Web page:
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Family, friends remember Tripathi

Those who knew the former undergraduate paid tribute in a memorial service Saturday

Friends and family members remembered Sunil Tripathi, a former member of the class of 2012, as principled and compassionate, celebrating his life in a memorial service in Manning Chapel Saturday afternoon and sharing remembrances in interviews with The Herald.

Tripathi’s body was identified April 25, more than a month after he went missing.

The memorial service took place on a sunny spring day, the kind friends said he would have spent juggling on the Main Green. University Chaplain Janet Cooper Nelson and President Christina Paxson paid their respects to Tripathi and his family before opening the floor for others to offer their remembrances in the tradition of the Quaker service.

Tripathi, a philosophy concentrator on leave from the University, often served as a source of calm, said sister Sangeeta Tripathi ’04 at the memorial service. “He just always had a way of, within one sentence or a few words, putting things in perspective.”

“He lived a very contemplative life,” said Joe Rosner ’12, a friend who lived near Tripathi during their sophomore and junior years.

But he also had a humorous side. “He had a very dry sense of humor, which would always catch you by surprise because he was a very quiet guy,” Rosner said.

Tripathi chose his words carefully, making sure never to hurt anyone, even inadvertently, Yvonne Yu ’14 said.

“I never heard him say a bad word about anybody,” said Kelly Winter ’12, a friend who lived near Tripathi during their junior years.

Tripathi often comforted friends and strangers in times of need, interning with the Rhode Island Coalition for the Homeless in Pawtucket one summer, friends recalled at the memorial service. The youngest of three children, he left his parents an empty nest when he started college, mother Judy Tripathi said at the service — so he called her every night for two years after arriving at Brown.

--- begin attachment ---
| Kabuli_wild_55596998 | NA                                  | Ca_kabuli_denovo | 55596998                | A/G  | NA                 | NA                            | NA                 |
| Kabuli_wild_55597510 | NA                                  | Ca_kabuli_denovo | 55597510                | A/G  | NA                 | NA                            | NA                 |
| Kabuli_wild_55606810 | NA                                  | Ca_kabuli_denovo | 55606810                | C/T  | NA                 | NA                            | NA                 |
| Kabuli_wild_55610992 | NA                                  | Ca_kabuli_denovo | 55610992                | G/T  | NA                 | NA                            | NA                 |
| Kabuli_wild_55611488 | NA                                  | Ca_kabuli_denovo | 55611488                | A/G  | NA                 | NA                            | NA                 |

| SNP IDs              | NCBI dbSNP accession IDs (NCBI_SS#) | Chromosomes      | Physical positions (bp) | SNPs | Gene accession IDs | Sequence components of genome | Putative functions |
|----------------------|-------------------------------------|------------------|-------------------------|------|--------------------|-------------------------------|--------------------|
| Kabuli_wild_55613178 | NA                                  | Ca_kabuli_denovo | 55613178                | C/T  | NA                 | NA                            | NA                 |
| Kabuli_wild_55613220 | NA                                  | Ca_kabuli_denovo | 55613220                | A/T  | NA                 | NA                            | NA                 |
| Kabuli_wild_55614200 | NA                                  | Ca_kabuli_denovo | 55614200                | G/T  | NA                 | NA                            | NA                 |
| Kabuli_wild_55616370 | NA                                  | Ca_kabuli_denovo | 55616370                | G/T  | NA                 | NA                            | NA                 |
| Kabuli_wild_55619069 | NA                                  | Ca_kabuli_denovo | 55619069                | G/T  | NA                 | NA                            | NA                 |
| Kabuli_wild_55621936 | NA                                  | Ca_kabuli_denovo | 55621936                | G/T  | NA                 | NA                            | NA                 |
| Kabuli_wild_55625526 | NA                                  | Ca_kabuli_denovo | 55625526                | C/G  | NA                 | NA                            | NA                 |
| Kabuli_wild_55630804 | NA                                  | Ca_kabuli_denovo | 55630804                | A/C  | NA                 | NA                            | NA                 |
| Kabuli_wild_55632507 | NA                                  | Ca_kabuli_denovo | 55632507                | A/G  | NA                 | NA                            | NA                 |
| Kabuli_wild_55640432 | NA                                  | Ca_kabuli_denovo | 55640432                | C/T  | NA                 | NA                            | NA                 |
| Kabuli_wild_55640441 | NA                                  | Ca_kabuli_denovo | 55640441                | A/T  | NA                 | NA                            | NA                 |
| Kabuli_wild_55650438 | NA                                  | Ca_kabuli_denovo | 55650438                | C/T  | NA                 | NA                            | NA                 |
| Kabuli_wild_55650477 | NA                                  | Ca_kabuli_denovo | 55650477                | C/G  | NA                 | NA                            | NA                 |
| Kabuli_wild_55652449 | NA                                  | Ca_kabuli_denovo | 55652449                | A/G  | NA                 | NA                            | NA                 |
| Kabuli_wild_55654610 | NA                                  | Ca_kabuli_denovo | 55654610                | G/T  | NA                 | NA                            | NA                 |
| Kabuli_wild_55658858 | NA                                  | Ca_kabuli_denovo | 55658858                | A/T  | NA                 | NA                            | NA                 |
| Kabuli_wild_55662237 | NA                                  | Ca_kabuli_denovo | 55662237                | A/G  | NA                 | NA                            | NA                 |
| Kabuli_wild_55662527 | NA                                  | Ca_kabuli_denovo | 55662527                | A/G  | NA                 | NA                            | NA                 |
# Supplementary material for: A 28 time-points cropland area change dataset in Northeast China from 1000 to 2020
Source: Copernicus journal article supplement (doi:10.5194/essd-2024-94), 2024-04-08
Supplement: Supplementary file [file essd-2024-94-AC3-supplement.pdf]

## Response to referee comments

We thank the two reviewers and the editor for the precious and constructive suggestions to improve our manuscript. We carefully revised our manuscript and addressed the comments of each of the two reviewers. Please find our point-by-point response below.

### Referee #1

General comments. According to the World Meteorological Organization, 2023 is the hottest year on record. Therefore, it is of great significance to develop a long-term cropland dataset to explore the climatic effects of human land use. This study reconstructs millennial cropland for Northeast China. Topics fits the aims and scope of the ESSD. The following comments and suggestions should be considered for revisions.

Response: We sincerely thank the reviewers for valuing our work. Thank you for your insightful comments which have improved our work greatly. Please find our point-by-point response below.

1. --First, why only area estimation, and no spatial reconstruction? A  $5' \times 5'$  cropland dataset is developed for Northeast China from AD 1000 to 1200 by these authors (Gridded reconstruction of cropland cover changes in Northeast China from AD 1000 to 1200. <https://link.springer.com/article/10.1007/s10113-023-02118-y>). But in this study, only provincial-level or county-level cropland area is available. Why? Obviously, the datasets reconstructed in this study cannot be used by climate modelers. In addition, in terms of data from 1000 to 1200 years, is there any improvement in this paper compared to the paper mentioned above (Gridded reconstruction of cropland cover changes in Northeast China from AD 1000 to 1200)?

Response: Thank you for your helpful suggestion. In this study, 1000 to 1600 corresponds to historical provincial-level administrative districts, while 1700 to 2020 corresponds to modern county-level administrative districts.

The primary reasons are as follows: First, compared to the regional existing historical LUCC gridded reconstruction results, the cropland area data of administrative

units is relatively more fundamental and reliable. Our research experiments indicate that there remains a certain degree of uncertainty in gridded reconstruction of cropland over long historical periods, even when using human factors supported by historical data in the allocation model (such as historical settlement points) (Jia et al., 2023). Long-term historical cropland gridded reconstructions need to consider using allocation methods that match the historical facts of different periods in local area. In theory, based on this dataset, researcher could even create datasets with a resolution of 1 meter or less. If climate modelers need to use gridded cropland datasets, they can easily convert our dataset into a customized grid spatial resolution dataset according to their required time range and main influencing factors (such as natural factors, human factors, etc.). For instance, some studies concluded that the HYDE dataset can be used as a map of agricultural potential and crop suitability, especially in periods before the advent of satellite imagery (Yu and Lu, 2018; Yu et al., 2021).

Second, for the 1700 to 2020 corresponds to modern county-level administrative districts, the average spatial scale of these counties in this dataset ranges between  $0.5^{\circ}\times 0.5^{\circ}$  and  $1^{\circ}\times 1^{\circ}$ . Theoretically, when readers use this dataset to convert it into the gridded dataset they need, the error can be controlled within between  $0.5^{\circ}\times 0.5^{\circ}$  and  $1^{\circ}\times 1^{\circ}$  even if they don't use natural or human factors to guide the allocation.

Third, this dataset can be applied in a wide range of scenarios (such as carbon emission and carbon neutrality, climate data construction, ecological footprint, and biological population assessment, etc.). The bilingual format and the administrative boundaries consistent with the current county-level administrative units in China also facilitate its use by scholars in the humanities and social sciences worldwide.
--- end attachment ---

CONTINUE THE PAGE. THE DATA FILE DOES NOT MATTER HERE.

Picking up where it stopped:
Yu recalled Tripathi walking a guest home at the end of a party she threw when the student didn’t want to walk alone, even though he did not know her. “He was just willing to go to really great lengths for other people,” Yu said.

While Tripathi was widely described by friends as careful and quiet, his composure belied strong passions for philosophy, music, the environment and even the Sharpe Refectory, where friends said he was known for eating nearly anything within the bounds of his vegetarianism.

Tripathi, who played the saxophone, took multiple classes in the Department of Music and performed in a wind symphony group and a saxophone quartet. “It meant a great deal to him, this world without words,” said Professor of Music David Josephson at the memorial service.

“He had a more ideological view of education, like you should be at college to learn what you want to learn,” said Vincent Pham ’12, who became friends with Tripathi as his first-year CHEM 0330: “Equilibrium, Rate and Structure” lab partner and later lived with him one summer in Providence.

Conversations with Tripathi were marked by his ability to be fully present, whether pondering something he learned in a philosophy class or having the patience to teach relatives Sudoku, friends and family members said. “The one thing about Sunny: When he would sit with you, he was with you,” said aunt Lisa Vargas at the memorial service. “There was no other place in the world he was.”

Sangeeta Tripathi added that despite the service’s sad atmosphere — which she said her brother would have hated — the family was inspired by the outpouring of support it had received since Tripathi’s disappearance. “There’s so much love in this room,” she said.

After friends and family members spoke, a saxophonist closed the tribute with a performance of “Ave Maria.”

Attendees left messages of love and condolence on program inserts, which bore the outline of a hand with fingers outstretched.

“Sometimes it seems like we have to lose people to discover how special they were,” wrote Tripathi’s girlfriend Malika Hale ’13 in an email to The Herald. “With Sunil, I always felt like everybody already knew.”


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